Quite enjoyable really for what I can ascertain is a well known text book. This was a great first year university book. It contained however too many Latin phrases that were untranslated. I would recommend this book for students writing their first year classics history paper, which is why I purchased it for my son. A decent but not exciting read otherwise.
May 11, Sean Garrett rated it liked it Shelves: A quick overview of the Julio-Claudian Emperors and how they came about, it fails in its inability to convey enough detail; a feat which would defeat the purpose of a quick overview. For anyone who is interested in a cursory study of Roman history. Feb 26, Nick Wallace rated it it was amazing. Another great overview from Scullard. Jan 03, Michael Anderson rated it it was amazing Shelves: Continuation of the previous volume.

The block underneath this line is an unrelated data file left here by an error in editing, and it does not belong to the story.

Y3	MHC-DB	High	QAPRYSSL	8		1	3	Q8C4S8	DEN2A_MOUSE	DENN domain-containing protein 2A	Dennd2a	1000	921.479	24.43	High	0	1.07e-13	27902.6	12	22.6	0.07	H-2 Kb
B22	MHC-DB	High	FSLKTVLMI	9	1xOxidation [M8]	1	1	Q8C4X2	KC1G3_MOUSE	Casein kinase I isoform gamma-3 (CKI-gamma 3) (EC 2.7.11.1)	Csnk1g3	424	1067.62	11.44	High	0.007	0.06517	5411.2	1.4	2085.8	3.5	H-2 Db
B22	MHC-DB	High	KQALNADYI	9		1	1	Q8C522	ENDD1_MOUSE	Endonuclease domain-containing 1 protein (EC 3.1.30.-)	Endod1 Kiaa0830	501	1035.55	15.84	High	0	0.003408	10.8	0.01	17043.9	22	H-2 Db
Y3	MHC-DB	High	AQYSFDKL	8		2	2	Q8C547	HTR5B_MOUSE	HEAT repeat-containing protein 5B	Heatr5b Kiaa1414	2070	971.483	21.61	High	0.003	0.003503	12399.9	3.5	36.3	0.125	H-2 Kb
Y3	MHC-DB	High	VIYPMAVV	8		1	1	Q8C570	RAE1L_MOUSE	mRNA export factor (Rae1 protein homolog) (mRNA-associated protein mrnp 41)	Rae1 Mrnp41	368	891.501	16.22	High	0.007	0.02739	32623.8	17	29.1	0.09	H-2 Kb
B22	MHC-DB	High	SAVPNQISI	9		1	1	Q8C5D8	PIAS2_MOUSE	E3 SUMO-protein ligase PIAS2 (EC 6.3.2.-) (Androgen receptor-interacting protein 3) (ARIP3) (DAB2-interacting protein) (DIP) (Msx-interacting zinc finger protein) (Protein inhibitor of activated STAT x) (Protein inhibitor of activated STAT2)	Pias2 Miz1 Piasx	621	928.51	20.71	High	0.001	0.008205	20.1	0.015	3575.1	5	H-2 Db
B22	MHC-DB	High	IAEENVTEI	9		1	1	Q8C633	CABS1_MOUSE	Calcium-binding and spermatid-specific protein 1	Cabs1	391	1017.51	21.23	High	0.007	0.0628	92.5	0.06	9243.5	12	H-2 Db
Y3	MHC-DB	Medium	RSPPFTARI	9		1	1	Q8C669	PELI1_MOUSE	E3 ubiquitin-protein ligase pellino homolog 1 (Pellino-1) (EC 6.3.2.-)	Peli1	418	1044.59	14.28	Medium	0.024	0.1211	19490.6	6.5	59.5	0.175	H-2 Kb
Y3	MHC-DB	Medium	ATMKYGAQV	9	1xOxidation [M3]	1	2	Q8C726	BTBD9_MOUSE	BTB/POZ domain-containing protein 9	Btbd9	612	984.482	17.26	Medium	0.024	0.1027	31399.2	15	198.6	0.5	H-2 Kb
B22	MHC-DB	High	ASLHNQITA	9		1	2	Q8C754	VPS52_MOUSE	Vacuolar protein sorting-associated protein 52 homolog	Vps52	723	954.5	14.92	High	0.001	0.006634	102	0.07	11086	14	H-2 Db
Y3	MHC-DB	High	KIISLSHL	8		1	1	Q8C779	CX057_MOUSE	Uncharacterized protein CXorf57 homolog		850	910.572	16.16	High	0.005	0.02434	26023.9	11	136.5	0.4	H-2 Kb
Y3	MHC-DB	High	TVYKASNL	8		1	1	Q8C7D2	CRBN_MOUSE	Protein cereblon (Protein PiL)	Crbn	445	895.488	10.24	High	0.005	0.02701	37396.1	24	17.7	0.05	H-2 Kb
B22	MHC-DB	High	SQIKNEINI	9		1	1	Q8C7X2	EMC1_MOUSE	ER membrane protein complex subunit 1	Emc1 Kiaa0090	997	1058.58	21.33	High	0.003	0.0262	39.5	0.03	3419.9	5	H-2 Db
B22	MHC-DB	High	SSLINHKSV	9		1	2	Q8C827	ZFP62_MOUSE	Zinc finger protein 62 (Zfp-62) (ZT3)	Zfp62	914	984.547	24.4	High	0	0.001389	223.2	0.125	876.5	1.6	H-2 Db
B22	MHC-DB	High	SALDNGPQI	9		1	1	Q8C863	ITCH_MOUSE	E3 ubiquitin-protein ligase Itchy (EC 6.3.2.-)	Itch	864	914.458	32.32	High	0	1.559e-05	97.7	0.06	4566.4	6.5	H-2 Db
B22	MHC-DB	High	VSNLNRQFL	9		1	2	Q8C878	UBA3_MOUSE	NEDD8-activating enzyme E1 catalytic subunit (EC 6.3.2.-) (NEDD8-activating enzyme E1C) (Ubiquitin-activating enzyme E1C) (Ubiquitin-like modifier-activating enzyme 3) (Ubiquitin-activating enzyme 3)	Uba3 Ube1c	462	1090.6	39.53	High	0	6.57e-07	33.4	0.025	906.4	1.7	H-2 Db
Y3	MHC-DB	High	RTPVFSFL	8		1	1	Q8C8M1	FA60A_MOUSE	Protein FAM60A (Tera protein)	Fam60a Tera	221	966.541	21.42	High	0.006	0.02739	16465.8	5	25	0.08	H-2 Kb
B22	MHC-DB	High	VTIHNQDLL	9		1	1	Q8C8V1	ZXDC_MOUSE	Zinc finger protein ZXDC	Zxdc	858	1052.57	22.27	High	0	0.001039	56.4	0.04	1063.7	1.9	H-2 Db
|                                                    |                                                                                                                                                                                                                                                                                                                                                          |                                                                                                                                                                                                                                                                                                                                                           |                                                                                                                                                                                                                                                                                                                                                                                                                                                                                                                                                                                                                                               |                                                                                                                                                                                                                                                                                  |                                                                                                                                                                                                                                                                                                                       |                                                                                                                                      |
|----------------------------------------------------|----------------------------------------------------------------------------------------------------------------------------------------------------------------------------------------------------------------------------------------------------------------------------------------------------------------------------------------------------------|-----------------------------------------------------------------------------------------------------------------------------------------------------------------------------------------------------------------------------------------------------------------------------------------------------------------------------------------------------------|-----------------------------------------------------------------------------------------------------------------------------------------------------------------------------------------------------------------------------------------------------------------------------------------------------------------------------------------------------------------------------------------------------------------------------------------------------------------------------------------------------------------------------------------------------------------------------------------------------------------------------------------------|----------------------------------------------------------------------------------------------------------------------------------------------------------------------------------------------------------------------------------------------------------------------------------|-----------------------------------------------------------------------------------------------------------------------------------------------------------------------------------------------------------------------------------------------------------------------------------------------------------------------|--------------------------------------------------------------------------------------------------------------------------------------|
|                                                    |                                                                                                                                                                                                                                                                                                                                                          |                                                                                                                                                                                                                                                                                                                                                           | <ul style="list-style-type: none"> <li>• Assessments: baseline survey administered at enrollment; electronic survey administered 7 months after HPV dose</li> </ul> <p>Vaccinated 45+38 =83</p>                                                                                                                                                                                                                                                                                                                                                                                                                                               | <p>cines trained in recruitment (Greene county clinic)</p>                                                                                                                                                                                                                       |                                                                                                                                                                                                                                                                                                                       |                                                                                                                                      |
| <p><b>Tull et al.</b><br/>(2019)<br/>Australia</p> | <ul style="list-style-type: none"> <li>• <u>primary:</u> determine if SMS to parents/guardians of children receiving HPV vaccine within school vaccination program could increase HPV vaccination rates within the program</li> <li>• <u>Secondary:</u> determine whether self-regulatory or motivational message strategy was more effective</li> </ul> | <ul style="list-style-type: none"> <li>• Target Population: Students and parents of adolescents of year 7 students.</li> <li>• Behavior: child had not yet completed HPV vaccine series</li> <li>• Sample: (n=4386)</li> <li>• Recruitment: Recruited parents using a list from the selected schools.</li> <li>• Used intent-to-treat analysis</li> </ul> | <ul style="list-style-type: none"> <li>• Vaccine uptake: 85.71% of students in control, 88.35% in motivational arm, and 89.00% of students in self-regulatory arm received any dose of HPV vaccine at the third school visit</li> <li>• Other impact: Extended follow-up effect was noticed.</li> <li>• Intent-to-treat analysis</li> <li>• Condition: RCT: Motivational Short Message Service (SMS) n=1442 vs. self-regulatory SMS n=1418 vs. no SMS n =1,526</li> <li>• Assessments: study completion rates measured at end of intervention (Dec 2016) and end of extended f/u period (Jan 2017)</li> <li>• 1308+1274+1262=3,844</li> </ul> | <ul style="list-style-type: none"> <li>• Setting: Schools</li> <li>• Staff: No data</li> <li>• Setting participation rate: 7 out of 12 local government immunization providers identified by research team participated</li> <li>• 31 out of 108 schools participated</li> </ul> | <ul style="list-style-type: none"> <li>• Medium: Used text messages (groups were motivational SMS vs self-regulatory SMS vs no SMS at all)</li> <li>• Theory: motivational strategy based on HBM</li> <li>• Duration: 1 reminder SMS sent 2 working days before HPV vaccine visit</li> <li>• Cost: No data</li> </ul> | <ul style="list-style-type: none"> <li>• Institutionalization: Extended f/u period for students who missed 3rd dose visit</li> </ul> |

Excellent history of Rome during the change from Republic to Empire. Jul 24, David rated it liked it Shelves: Thorough and comprehensive but not that much fun. Sep 09, Mallory rated it it was amazing Shelves: An excellent overview of a thoroughly studied era. It definitely helped me on my thesis. Hugely useful book, as a secondary source it is the cornerstone of my canon of classical Roman history. Reason rated it it was amazing Nov 06, Conrad rated it it was amazing Jan 11, Lee Mills rated it it was amazing Mar 17, Veronica Lombardi rated it it was amazing Jul 31, Donna rated it liked it Sep 11,